Anyway, back to the café. The Rev. Lynn Anderson enters. She spies me sitting with Emily. She walks over to the table and she says, “I recognize you. My name is Lynn.” I introduce myself. And Lynn says, “May I join you for lunch?” I’m sure I say something like, “Sure. Of course. Yes, please.” Believe me, I SO remember this next part! While she placed her order and then waited at the counter, I went into high stress mode. Back then I had only spoken several times with a pastor, and those for the planning of life events—funerals, my wedding, Emily’s baptism. I always had a set purpose, and those meetings were always in the pastor’s office, with the pastor behind a desk—in other words, in an official capacity. Did pastors even visit cafés? What stressed me even more though was that Lynn was a woman pastor. Oh my goodness! “What do you say to a FEMALE pastor?” I mean really. “Do you talk about families? Surely, they don’t have husbands and children. Do they cook and clean?” I survived lunch. And that was the last I ever saw of the Rev. Lynn Anderson. Thinking back now, though, it was, as I said, an event that would come to have significance for me. I had discovered that female pastors indeed exist, and that they are just regular people—regular, like me. Now you might need more in the way of a miracle, to convince you that this was part of my call, like that haul of fish was; or if not a miracle, at least something that makes you scratch your head and wonder, “How did THAT happen?” But my story DOES have a mysterious element. Answer me this: How did the Rev. Anderson recognize me? Westminster Presbyterian is a large church. The sanctuary is cavernous—think First Presbyterian Church in Charlottesville, if you’ve ever been there. Westminster had two services to accommodate all the worshipers. I had been one of many people The Rev. Anderson preached to that Sunday. How was she able to recognize me? I’ll never know. I believe that God put her in my life at just the right time. Attuned to the spirit, she walked into that café, saw me, and was compelled to have a conversation with me.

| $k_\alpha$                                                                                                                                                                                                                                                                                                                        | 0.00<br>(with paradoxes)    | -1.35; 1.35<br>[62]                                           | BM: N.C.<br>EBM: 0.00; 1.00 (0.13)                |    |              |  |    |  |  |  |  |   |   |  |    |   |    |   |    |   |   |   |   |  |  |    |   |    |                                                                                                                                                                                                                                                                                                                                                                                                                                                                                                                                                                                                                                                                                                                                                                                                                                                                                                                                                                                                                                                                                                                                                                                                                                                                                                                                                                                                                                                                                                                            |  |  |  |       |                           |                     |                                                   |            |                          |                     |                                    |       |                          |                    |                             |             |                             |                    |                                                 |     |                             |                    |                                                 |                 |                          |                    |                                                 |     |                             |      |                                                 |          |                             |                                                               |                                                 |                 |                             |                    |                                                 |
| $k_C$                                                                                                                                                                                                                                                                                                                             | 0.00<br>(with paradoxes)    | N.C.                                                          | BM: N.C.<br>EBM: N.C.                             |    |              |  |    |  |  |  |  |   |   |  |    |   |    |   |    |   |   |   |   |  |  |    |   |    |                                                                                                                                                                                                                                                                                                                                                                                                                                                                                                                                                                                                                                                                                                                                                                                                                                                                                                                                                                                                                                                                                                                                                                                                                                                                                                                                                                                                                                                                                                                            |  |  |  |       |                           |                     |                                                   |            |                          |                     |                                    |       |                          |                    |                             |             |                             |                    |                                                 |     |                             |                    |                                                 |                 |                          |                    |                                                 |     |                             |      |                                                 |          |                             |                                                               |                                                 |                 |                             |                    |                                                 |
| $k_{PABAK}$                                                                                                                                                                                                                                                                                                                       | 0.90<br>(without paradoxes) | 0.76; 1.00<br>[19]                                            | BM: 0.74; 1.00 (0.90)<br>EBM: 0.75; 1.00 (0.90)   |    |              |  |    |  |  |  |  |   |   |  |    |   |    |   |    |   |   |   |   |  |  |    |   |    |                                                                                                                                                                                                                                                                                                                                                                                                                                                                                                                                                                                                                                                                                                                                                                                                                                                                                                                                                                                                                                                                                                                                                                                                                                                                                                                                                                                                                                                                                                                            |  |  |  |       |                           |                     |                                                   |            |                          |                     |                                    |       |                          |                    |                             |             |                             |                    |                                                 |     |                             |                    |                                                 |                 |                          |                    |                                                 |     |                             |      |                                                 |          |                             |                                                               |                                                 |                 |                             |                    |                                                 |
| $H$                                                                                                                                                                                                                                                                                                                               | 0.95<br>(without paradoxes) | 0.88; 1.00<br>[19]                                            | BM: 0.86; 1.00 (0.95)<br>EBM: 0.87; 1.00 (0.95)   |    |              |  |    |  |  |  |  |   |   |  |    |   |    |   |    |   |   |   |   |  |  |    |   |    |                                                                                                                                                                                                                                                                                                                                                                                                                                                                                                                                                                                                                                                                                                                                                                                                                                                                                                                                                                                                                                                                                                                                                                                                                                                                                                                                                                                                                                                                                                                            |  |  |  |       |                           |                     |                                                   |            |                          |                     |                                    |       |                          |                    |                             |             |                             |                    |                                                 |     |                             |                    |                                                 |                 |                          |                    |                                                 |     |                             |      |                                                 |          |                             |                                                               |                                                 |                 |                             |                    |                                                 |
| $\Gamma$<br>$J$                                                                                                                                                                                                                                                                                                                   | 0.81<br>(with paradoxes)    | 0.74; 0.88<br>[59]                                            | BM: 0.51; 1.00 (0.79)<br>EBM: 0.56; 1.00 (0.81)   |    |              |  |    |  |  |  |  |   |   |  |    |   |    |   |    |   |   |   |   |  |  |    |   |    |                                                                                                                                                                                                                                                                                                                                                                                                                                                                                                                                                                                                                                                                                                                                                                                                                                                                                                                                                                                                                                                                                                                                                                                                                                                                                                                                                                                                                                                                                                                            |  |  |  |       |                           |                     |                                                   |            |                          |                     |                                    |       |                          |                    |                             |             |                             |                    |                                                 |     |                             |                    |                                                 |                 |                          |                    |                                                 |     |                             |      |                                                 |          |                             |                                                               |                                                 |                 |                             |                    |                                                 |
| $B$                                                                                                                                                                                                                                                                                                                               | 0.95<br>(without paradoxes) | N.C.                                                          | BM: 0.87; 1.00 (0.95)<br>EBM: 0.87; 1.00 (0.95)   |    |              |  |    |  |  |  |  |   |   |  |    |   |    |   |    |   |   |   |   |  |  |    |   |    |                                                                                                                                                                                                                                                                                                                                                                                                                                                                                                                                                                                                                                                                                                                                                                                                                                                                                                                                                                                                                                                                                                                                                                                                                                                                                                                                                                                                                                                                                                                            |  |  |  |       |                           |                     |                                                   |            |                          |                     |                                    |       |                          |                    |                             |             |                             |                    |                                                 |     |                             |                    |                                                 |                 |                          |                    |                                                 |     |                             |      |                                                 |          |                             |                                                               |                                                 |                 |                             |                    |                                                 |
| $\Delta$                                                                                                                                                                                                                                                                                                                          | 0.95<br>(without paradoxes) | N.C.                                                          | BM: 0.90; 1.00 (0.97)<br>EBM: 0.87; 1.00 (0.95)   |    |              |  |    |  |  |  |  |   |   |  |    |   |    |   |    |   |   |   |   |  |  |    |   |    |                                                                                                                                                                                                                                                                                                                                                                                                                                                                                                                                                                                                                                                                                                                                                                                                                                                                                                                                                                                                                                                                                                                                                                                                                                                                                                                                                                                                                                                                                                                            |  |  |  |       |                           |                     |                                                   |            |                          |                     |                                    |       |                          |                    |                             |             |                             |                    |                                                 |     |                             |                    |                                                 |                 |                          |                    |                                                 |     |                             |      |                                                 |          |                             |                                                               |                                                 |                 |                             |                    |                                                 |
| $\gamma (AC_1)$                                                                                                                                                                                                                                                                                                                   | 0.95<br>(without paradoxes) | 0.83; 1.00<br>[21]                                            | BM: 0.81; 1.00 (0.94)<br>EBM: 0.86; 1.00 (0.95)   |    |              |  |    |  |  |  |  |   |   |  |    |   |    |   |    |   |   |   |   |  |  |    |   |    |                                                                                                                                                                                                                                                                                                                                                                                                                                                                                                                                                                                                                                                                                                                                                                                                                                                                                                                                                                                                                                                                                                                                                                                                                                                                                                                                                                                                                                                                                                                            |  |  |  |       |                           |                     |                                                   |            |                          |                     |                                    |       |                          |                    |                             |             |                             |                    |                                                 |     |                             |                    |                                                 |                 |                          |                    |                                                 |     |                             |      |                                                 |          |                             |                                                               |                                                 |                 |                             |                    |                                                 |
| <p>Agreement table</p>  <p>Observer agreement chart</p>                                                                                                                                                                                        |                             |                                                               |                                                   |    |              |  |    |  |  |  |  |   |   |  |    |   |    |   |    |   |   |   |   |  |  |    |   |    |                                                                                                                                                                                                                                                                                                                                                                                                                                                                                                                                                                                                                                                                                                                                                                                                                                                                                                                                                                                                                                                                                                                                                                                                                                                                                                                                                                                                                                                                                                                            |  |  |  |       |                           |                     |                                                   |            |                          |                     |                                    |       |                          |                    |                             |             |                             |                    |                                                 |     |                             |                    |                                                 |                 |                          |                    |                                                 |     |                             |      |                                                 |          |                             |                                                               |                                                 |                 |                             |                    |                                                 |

I want to end this sermon by doing a 180 on you. Rather than think about how we have been called to follow Jesus, which we all have been since we are all here, right? Instead of focusing on our own calls, we might think about how what we do in life impacts someone else. One chance meeting, one brief conversation, might be the nudge someone else needs to send those others a little further along the path—toward their personal stars, toward Jesus.
So it was with the fishermen that day at the Sea of Galilee. One nudge from Jesus, and immediately, their lives fell into place. They left everything and followed him. Amen